Villages--Alehouses and inns -- Health of people--Food--Medical knowledge--Relative conditions of agricultural labourers in fifteenth century and at present--Agricultural wages--A bondman's career--Taxation --Land tenures--Political condition of rural population--Tenant farmers --A farm in Leicestershire--The poor--Home life--Manor houses-- Frankelyns and country gentry--Sources of a landowner's income.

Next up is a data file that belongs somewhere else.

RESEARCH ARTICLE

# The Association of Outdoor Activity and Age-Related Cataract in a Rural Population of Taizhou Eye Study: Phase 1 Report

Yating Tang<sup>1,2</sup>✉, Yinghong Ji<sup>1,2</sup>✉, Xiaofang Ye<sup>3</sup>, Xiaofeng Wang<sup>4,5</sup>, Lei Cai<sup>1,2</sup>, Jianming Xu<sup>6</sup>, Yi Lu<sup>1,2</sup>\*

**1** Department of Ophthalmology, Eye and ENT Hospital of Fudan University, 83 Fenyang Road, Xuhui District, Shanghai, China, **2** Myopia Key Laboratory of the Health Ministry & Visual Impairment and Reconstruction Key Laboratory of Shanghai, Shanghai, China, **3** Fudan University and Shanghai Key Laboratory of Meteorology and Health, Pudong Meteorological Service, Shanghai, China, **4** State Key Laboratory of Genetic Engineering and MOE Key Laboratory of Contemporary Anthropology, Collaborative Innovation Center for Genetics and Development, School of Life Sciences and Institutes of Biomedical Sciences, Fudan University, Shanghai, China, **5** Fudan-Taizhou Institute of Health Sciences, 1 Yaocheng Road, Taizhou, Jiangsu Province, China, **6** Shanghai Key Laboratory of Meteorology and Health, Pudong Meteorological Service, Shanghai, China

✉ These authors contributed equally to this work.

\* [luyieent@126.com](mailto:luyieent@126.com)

THE villages where the agricultural labourers lived were small, and the houses they tenanted slight. A few boards, a load or two of loam dug on the spot and strengthened with moss, straw, or stubble, made the walls of the cottages; a few bundles of heather from the common or reed off the fen supplied the thatch. These were all the materials required. In 1306, the master and fellows of Queen's College, Oxford, built on one of their manors a house for two of their agricultural labourers, and the bill for the erection of this cottage still remains: "To a carpenter making a new house . . . for the swineherd and shepherd, five and eight pence." Materials for building and assistance rendered comes to a little over fourteen shillings. "Sum total, twenty shillings." The cost is but small, but then the house was only like peasants' houses in general, a covered shed without floor, without ceiling, without a chimney, and almost certainly without plastering.1 Eighty years later than this, in 1388, the authorities of St. Peter's College, Cambridge, rebuilt some dilapidated houses belonging to that college, and the houses appear to have been as humble as those built by the Oxford college. In the Cambridge accounts we read, "Twelve pence paid to the men for two days, for pulling down the antient houses . . . also twelve pence paid to three men for one day in raising the new houses."2 There could have been no improvements in these houses over those built at the com____________________